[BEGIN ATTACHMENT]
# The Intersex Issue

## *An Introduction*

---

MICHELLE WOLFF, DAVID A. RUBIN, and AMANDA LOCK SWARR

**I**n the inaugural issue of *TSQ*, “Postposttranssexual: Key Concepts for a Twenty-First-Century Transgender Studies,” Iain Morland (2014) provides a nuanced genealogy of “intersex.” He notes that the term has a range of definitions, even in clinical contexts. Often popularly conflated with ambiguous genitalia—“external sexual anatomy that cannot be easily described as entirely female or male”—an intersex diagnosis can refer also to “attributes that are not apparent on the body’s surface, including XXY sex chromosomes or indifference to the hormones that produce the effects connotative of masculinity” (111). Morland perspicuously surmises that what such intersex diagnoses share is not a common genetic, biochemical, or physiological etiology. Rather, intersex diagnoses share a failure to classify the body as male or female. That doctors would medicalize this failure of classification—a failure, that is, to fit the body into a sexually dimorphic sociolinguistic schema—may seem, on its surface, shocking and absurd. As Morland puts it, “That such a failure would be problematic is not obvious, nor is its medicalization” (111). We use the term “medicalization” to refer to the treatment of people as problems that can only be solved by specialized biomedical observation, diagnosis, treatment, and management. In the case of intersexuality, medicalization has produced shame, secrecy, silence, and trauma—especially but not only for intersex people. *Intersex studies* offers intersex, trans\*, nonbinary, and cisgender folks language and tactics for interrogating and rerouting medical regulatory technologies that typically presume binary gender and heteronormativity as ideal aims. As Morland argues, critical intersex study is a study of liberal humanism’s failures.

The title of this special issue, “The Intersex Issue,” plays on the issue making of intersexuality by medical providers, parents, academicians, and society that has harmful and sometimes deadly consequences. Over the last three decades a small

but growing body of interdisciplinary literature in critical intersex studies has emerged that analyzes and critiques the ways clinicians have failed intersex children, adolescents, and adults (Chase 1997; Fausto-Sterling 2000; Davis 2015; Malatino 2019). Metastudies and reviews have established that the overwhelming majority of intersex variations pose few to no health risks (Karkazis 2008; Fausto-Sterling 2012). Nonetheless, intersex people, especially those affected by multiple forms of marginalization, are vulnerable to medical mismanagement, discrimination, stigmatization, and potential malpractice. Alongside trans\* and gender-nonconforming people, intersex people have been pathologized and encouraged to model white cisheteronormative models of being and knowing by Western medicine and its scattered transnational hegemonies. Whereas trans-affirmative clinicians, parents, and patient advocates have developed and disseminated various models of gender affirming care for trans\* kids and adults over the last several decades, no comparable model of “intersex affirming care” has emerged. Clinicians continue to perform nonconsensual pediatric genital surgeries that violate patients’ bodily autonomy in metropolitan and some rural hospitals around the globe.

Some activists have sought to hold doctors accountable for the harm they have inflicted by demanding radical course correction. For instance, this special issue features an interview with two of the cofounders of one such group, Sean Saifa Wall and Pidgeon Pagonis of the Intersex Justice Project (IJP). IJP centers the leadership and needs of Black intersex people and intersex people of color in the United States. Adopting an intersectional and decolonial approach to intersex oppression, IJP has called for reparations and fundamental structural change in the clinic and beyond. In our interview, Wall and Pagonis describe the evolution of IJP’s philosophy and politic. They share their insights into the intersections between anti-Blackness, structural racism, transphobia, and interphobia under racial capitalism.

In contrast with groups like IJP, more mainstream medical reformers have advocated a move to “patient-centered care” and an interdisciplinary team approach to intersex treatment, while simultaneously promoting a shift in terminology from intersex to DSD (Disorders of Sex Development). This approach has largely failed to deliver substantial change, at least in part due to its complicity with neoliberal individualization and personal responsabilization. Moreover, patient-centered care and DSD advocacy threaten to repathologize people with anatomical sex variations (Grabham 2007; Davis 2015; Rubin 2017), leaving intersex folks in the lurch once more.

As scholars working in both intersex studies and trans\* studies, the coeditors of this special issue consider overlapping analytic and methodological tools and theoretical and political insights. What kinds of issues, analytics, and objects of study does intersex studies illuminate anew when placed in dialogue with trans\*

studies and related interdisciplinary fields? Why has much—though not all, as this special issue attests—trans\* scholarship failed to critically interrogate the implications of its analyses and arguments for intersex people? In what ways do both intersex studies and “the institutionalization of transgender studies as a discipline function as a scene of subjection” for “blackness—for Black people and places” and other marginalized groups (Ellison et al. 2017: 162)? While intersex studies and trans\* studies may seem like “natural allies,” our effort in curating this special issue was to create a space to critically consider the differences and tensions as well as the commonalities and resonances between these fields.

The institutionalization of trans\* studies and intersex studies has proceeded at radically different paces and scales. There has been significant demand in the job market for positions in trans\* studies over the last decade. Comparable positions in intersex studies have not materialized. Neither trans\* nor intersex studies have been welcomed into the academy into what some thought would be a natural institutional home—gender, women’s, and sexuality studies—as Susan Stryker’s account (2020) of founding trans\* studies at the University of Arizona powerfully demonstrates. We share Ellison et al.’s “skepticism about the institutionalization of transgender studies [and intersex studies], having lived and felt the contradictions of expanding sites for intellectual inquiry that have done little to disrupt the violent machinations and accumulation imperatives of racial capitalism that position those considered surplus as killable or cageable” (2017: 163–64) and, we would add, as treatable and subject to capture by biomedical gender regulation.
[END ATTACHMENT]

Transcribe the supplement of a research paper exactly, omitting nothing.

# The Intersex Issue

## *An Introduction*

---

MICHELLE WOLFF, DAVID A. RUBIN, and AMANDA LOCK SWARR

**I**n the inaugural issue of *TSQ*, “Postposttranssexual: Key Concepts for a Twenty-First-Century Transgender Studies,” Iain Morland (2014) provides a nuanced genealogy of “intersex.” He notes that the term has a range of definitions, even in clinical contexts. Often popularly conflated with ambiguous genitalia—“external sexual anatomy that cannot be easily described as entirely female or male”—an intersex diagnosis can refer also to “attributes that are not apparent on the body’s surface, including XXY sex chromosomes or indifference to the hormones that produce the effects connotative of masculinity” (111). Morland perspicuously surmises that what such intersex diagnoses share is not a common genetic, biochemical, or physiological etiology. Rather, intersex diagnoses share a failure to classify the body as male or female. That doctors would medicalize this failure of classification—a failure, that is, to fit the body into a sexually dimorphic sociolinguistic schema—may seem, on its surface, shocking and absurd. As Morland puts it, “That such a failure would be problematic is not obvious, nor is its medicalization” (111). We use the term “medicalization” to refer to the treatment of people as problems that can only be solved by specialized biomedical observation, diagnosis, treatment, and management. In the case of intersexuality, medicalization has produced shame, secrecy, silence, and trauma—especially but not only for intersex people. *Intersex studies* offers intersex, trans\*, nonbinary, and cisgender folks language and tactics for interrogating and rerouting medical regulatory technologies that typically presume binary gender and heteronormativity as ideal aims. As Morland argues, critical intersex study is a study of liberal humanism’s failures.

The title of this special issue, “The Intersex Issue,” plays on the issue making of intersexuality by medical providers, parents, academicians, and society that has harmful and sometimes deadly consequences. Over the last three decades a small

but growing body of interdisciplinary literature in critical intersex studies has emerged that analyzes and critiques the ways clinicians have failed intersex children, adolescents, and adults (Chase 1997; Fausto-Sterling 2000; Davis 2015; Malatino 2019). Metastudies and reviews have established that the overwhelming majority of intersex variations pose few to no health risks (Karkazis 2008; Fausto-Sterling 2012). Nonetheless, intersex people, especially those affected by multiple forms of marginalization, are vulnerable to medical mismanagement, discrimination, stigmatization, and potential malpractice. Alongside trans\* and gender-nonconforming people, intersex people have been pathologized and encouraged to model white cisheteronormative models of being and knowing by Western medicine and its scattered transnational hegemonies. Whereas trans-affirmative clinicians, parents, and patient advocates have developed and disseminated various models of gender affirming care for trans\* kids and adults over the last several decades, no comparable model of “intersex affirming care” has emerged. Clinicians continue to perform nonconsensual pediatric genital surgeries that violate patients’ bodily autonomy in metropolitan and some rural hospitals around the globe.

Some activists have sought to hold doctors accountable for the harm they have inflicted by demanding radical course correction. For instance, this special issue features an interview with two of the cofounders of one such group, Sean Saifa Wall and Pidgeon Pagonis of the Intersex Justice Project (IJP). IJP centers the leadership and needs of Black intersex people and intersex people of color in the United States. Adopting an intersectional and decolonial approach to intersex oppression, IJP has called for reparations and fundamental structural change in the clinic and beyond. In our interview, Wall and Pagonis describe the evolution of IJP’s philosophy and politic. They share their insights into the intersections between anti-Blackness, structural racism, transphobia, and interphobia under racial capitalism.

In contrast with groups like IJP, more mainstream medical reformers have advocated a move to “patient-centered care” and an interdisciplinary team approach to intersex treatment, while simultaneously promoting a shift in terminology from intersex to DSD (Disorders of Sex Development). This approach has largely failed to deliver substantial change, at least in part due to its complicity with neoliberal individualization and personal responsabilization. Moreover, patient-centered care and DSD advocacy threaten to repathologize people with anatomical sex variations (Grabham 2007; Davis 2015; Rubin 2017), leaving intersex folks in the lurch once more.

As scholars working in both intersex studies and trans\* studies, the coeditors of this special issue consider overlapping analytic and methodological tools and theoretical and political insights. What kinds of issues, analytics, and objects of study does intersex studies illuminate anew when placed in dialogue with trans\*

studies and related interdisciplinary fields? Why has much—though not all, as this special issue attests—trans\* scholarship failed to critically interrogate the implications of its analyses and arguments for intersex people? In what ways do both intersex studies and “the institutionalization of transgender studies as a discipline function as a scene of subjection” for “blackness—for Black people and places” and other marginalized groups (Ellison et al. 2017: 162)? While intersex studies and trans\* studies may seem like “natural allies,” our effort in curating this special issue was to create a space to critically consider the differences and tensions as well as the commonalities and resonances between these fields.

The institutionalization of trans\* studies and intersex studies has proceeded at radically different paces and scales. There has been significant demand in the job market for positions in trans\* studies over the last decade. Comparable positions in intersex studies have not materialized. Neither trans\* nor intersex studies have been welcomed into the academy into what some thought would be a natural institutional home—gender, women’s, and sexuality studies—as Susan Stryker’s account (2020) of founding trans\* studies at the University of Arizona powerfully demonstrates. We share Ellison et al.’s “skepticism about the institutionalization of transgender studies [and intersex studies], having lived and felt the contradictions of expanding sites for intellectual inquiry that have done little to disrupt the violent machinations and accumulation imperatives of racial capitalism that position those considered surplus as killable or cageable” (2017: 163–64) and, we would add, as treatable and subject to capture by biomedical gender regulation.